Bodi, Sonia. "Scholarship or Propaganda: How Can Librarians Help Undergraduates Tell the Difference?" The Journal of Academic Librarianship 21 (January 1995): 21-25.
In response to evaluations of BI sessions where students reported being satisfied with their ability to find information but not to evaluate it, librarians developed a session on critical assessment of library resources. This article discusses the characteristics of propaganda and includes a list of indicators distinguishing propaganda and scholarship. The article concludes with a description of a class in which these indicators were presented to help students evaluate a text.
Chappell, Virginia A., Randall Hensley, and Elizabeth Simmons-O'Neill. "Beyond Information Retrieval: Transforming Research Assignments into Genuine Inquiry." Journal of Teaching Writing 13, no. 1/2 (1994): 209-224.
This article describes the reasoning behind and use of an Evaluating Sources Workshop. This collaborative workshop, itself a collaboration between librarian and classroom instructor, teaches college students ways to analyze sources. Techniques for evaluating information include using bibliographic tools to retrieve information, but also act as a means for learning more about scholarly communication. By analyzing a pre- selected reading, students develop their own questions and explore the rhetorical and disciplinary contexts of research. The workshop can serve as a springboard for other collaborative assignments and classroom discussions. (Note: Although published in 1994, this issue was not received by committee members until summer 1995 and is therefore being included in the Top Twenty for 1995.)
Cook, Kim N., Lilith R. Kunkel, and Susan M. Weaver. "Cooperative Learning in Bibliographic Instruction." Research Strategies 13 (Winter 1995): 17-25.
This article offers a general discussion of cooperative learning, including its definition and characteristics. Two examples of cooperative learning BI assignments are discussed in detail, along with a thorough overview of the authors' research project on this topic. Although the research conducted did not yield the desired information on the effectiveness of cooperative learning, many students indicated a preference for working in groups. The practical advantages of cooperative learning are also discussed.
Cooper, Tasha, and Jane Burchfield. "Information Literacy for College and University Staff." Research Strategies 13 (Spring 1995): 94-106.
This article points out special problems in identifying the information needs of college and university staff, a group that is often overlooked in instructional outreach programs. The importance of fostering information literacy in this group, as opposed to providing special services is addressed. Suggestions for promoting this literacy such as staff development programs, tailored instruction, and effective promotion of the library are discussed.
Dame, Melvina Azar. "Teaching Library Skills and Content to Linguistically Diverse Students: The Role of Advance Organizers and Visual Resources." MultiCultural Review 4 (December 1995): 40-44.
In an article aimed at elementary and secondary teachers and librarians, the author outlines concrete methods to help ESL students link library skills with their existing knowledge. She suggests multi-sensory aids (such as pictures) help the student associate new concepts with prior knowledge. This process requires significant cooperation between the teacher and media specialist. Included are suggested types of aids and sources for locating and acquiring them.
DiMartino, Diane, William J. Ferns, and Sharon Swacker. "CD-ROM Search Techniques of Novice End-Users: Is the English-as-a-Second-Language Student at a Disadvantage?" College & Research Libraries 56 (January 1995): 49-59.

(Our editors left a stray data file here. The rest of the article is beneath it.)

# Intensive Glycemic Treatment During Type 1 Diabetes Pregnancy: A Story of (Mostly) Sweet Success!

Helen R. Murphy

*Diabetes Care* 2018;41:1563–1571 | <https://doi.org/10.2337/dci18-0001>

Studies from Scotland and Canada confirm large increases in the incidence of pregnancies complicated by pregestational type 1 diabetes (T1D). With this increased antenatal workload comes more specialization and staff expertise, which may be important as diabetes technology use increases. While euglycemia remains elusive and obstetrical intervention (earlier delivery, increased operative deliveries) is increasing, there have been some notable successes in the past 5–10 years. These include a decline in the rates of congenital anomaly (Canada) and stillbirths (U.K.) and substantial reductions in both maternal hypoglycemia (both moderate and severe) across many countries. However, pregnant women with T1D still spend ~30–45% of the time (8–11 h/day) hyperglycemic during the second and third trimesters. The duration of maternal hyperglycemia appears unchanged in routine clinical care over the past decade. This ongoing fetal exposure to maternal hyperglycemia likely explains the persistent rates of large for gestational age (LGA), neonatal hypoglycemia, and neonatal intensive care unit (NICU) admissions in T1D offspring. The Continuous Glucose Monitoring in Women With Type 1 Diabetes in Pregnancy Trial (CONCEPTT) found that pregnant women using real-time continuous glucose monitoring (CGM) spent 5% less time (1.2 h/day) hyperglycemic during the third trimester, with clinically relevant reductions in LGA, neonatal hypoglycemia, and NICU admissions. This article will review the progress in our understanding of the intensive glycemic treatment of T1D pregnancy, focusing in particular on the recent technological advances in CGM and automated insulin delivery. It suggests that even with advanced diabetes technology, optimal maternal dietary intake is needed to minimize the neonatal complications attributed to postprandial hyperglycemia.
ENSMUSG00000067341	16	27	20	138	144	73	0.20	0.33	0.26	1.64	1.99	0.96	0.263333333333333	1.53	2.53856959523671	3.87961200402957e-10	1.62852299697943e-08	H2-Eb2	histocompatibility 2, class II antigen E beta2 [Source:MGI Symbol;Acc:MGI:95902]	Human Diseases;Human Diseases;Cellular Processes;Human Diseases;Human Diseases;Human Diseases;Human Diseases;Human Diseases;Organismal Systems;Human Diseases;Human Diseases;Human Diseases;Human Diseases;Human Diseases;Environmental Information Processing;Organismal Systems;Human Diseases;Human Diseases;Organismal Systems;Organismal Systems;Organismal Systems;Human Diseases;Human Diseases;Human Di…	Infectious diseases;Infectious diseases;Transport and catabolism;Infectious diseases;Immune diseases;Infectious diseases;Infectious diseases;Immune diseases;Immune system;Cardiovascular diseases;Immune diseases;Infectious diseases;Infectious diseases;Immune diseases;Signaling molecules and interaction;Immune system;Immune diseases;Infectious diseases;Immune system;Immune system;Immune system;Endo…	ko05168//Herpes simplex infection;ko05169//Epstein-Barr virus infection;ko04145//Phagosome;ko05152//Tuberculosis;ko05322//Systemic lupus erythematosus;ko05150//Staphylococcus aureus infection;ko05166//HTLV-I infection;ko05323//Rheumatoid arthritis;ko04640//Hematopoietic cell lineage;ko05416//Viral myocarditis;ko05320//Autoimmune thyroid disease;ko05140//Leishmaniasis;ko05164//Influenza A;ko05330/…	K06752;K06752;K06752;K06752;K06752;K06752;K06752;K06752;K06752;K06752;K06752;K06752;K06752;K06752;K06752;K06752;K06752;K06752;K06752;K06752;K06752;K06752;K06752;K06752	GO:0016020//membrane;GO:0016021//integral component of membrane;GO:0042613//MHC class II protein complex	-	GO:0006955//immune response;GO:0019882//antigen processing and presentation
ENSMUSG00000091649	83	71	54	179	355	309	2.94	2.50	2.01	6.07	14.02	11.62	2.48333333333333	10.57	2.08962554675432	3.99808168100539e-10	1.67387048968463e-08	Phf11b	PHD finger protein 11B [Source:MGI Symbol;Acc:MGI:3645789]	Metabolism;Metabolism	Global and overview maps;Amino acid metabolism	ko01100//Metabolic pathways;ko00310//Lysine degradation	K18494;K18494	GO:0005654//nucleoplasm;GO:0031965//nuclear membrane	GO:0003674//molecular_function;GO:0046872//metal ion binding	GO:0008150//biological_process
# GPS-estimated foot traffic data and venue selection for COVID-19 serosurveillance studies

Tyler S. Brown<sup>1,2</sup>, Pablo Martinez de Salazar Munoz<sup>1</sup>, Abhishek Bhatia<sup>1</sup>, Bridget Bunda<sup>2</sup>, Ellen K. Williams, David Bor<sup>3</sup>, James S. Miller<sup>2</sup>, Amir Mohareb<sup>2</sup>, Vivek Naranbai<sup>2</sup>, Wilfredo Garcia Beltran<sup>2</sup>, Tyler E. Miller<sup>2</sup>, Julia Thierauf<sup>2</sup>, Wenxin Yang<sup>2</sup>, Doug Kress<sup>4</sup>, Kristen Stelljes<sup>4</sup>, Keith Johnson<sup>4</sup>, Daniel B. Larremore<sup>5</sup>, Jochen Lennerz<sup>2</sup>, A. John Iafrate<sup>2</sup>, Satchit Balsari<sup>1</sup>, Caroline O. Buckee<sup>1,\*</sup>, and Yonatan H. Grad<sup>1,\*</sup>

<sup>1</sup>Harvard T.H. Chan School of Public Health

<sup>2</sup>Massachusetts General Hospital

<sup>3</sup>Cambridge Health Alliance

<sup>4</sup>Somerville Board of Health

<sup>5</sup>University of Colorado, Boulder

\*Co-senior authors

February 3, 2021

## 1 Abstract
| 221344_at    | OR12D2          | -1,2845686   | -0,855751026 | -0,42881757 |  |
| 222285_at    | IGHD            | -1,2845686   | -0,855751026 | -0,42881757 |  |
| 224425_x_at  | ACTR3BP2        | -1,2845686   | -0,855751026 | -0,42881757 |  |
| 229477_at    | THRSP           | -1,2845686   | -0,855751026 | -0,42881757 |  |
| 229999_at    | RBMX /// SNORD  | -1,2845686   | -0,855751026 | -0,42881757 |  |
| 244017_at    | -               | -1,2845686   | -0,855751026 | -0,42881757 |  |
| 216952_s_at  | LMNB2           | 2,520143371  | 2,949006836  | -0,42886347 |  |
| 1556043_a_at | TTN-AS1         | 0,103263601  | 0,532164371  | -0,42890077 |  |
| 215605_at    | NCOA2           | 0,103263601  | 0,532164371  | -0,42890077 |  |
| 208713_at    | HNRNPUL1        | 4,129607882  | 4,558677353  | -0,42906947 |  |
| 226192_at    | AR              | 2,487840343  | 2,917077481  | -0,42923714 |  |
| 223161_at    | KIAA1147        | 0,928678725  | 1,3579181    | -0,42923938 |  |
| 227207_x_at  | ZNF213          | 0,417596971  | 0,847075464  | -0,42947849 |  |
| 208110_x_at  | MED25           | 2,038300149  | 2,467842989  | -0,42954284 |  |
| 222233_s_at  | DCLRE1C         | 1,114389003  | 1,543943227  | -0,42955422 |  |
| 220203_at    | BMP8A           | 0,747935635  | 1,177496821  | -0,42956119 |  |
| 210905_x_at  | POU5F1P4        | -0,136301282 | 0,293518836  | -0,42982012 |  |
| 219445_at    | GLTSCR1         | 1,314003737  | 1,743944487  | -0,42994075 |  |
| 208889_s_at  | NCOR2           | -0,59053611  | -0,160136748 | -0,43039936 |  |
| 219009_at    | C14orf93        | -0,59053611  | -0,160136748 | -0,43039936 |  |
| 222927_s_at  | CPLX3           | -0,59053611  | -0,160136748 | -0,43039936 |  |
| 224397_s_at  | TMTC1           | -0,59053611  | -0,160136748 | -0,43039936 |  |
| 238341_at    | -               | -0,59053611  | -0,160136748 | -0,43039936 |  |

A comparison of the CD-ROM search techniques of native English speakers and English-as-a-Second-Language (ESL) speakers found that both groups of students had similar problems with search concepts and procedures. ESL students, however, had much more difficulty with vocabulary, such as the use of plurals and synonyms. The article concludes with recommendations for improving CD-ROM instruction for all users, including the specific vocabulary problems of ESL students.
Doran, Kirk. "The Internot: Helping Library Patrons Understand What the Internet is Not (Yet)." Computers in Libraries 15 (June 1995): 22-26.
The author stresses the importance of presenting a balanced view of the Internet, especially in light of recent media hype. He employs a number of negative definitions which illustrate the current limitations of the Internet. These definitions help to clarify the misconception that the Internet is "the answer to all quests" and enables users to understand the differences between the Internet and other valuable library resources.
Evans, Lorraine, and Peggy Keeran. "Beneath the Tip of the Iceberg: Expanding Students' Information Horizons." Research Strategies (Fall 1995): 235-244.
With the addition of yet another electronic resource to their library, reference librarians at the University of Denver developed a new library instruction session which emphasizes broader information and search concepts, rather than specific database mechanics. The goals of the session are to teach searching skills that are transferable from one system to another and to enable users to evaluate the content and appropriateness of specific databases in relation to other library resources. The authors also discuss the results of a survey to determine the session's effect on participants' searching skills and confidence levels.
Gibson, Craig. "Critical Thinking: Implications for Instruction." RQ 35 (Fall 1995): 27-35.
This article provides a concise overview of the critical thinking movement in education, including a review of critical thinking theory and controversies within the movement. The author also discusses the implications of this approach for library instruction and concludes with some important questions to consider as we restructure our BI programs to integrate critical thinking skills.
Howze, Philip C., and Dana E. Smith. "Library Instruction as Independent Study: The Summer Enrichment Program Experiment at Iowa State University." Reference Services Review 23 (Winter 1995): 75-82.
This study of high school minority students enrolled in a library instruction course in a summer bridge program investigated the effects of multicultural vs. classical exercises and independent study vs. peer assistance on students' performance. Although some inconsistencies occurred in students' performance and their evaluation of the course, the study found that multicultural exercises and contact with a librarian instructor proved important to minority students. Other factors, including peer assistance, did not prove to be significant in this study; however, the authors stress the need for further investigation.